IoT: A Hacker’s Wonderland in the Enterprise
Last year’s holiday season saw a large number of families giving or receiving connected devices. Apple Watches, Samsung Smart TVs, connected home devices, Internet-enabled toys like Hello! Barbie and Star Wars droids were last year’s hot gift items. Enterprises need to be prepared for the influx of devices that will be walking through the door this January. No matter what policy is in place, employees will find ways to bring devices into the workplace. Knowing the risks associated with these devices will allow companies to prepare for the potential risks.
Sensitive Data at Risk
When was the last time you read the Apple update policy agreement? Most likely not very recently, and the same goes for the large majority of employees. Consumers are largely unaware and unconcerned about the privacy policies that come with applications, products and online activity. The use of connected devices becomes a concern for enterprises when company data is being uploaded to these devices.
Wearables and BYOD devices, whether company issued or brought in by gadget junkies, will mean a steady increase of data moving on the corporate network. Unfortunately, this only means bad news for enterprises. Hackers are realizing the lack of security on these devices as the rush to market overrules the priority for device security. Personal identifiable information or sensitive data being leaked from these insecure devices can have a potentially catastrophic consequence when in the wrong hands. The average breach can take months to discover, therefore it is important for corporations to act preemptively by learning device traffic patterns and be able to identify anomalies.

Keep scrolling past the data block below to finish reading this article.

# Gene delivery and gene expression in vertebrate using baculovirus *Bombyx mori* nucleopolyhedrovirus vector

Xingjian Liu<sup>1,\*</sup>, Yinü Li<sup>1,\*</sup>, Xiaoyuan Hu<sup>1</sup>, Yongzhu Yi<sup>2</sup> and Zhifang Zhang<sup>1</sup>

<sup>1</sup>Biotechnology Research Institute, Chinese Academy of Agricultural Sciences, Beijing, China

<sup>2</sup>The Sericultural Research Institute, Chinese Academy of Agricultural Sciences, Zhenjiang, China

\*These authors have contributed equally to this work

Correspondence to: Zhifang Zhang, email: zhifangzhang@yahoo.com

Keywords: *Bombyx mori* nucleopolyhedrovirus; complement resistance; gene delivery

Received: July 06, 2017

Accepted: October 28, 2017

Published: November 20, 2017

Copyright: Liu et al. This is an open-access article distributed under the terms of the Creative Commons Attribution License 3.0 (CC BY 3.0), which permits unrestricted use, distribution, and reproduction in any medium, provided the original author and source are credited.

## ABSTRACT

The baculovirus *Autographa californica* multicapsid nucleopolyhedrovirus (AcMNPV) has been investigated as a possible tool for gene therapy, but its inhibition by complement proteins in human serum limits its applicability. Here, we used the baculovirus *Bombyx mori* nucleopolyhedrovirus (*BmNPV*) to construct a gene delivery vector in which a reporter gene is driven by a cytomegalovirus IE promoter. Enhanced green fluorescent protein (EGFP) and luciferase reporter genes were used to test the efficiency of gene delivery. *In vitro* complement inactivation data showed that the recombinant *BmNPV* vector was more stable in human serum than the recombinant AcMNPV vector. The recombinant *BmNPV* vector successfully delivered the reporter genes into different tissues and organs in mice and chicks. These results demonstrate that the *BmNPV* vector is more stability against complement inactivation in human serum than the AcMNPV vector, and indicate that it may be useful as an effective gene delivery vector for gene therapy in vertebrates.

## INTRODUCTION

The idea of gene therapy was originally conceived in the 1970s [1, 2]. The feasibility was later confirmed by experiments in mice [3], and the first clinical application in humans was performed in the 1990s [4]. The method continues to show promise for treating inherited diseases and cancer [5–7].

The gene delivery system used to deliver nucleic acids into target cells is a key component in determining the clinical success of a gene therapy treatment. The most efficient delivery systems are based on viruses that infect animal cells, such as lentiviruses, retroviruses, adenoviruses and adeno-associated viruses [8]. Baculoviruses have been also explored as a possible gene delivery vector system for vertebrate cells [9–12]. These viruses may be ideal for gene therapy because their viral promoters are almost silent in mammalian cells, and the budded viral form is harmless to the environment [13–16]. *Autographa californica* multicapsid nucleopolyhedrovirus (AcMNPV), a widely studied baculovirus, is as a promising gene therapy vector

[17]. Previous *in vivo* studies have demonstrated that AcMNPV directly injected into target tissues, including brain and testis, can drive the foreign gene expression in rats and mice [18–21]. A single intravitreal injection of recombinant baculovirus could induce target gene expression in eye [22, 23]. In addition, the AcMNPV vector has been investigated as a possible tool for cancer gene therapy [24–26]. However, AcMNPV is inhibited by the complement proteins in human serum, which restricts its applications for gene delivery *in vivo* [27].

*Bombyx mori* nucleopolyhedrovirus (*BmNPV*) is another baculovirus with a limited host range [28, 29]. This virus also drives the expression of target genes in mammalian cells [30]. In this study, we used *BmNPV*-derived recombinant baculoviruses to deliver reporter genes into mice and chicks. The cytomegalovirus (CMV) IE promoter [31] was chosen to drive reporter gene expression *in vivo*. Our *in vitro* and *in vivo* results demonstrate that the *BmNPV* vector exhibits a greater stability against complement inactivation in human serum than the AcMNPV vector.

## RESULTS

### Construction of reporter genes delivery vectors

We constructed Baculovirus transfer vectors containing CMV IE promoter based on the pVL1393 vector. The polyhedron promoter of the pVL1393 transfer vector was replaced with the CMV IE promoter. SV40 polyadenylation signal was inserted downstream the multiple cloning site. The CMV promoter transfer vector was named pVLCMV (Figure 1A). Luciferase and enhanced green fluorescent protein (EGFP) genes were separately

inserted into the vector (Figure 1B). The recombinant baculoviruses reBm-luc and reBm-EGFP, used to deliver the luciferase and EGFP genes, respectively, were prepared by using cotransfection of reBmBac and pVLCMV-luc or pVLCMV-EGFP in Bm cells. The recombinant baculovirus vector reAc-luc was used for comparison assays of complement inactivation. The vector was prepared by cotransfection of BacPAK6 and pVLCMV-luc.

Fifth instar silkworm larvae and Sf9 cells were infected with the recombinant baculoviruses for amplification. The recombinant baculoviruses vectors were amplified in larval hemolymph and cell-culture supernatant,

Be Mindful of Your Network Bandwidth
According to a recent survey, a three-time growth in wearables is expected in the enterprise in the next two years. This number is even larger when customers entering the enterprise are factored in. IDC predicts that by 2017, networks will go from surplus to constrained with 10 percent of networks unable to host proper traffic flow. Network bandwidth is already stretched from live streaming of videos and social networks. In many cases, with the addition of potentially thousands of new devices streaming data through the corporate network, it is very possible that current bandwidths will not be able to adapt. Enterprises need to take a look at current bandwidths and keep in mind that BLT/LTE devices require an enormous allocation, approximately 20 Mb/s each. Now add in the automated building systems being installed and clearly network bandwidth becomes a big issue.
Patches – They Will Become the Bane of Your Existence
Imagine issuing a patch to all Internet-connected devices in your airspace. Now imagine adding 3,000 light bulbs, 40 Nest thermostats and 500 Fitbits to the list of devices needing patches monthly. Now take into consideration that most connected devices must run on low energy and therefore cannot be patched wirelessly. You can see where this is going. In upcoming years when there are trillions of patches to be made, the drain on resources will be costly.
Prevention is Key
To prevent an enterprise from becoming a hacker’s wonderland, organizations must begin to take IoT security seriously. The threat is real and policies and procedures must be put in place, as it is only a matter of time before enterprises start to find compromises that are entering their networks through IoT devices.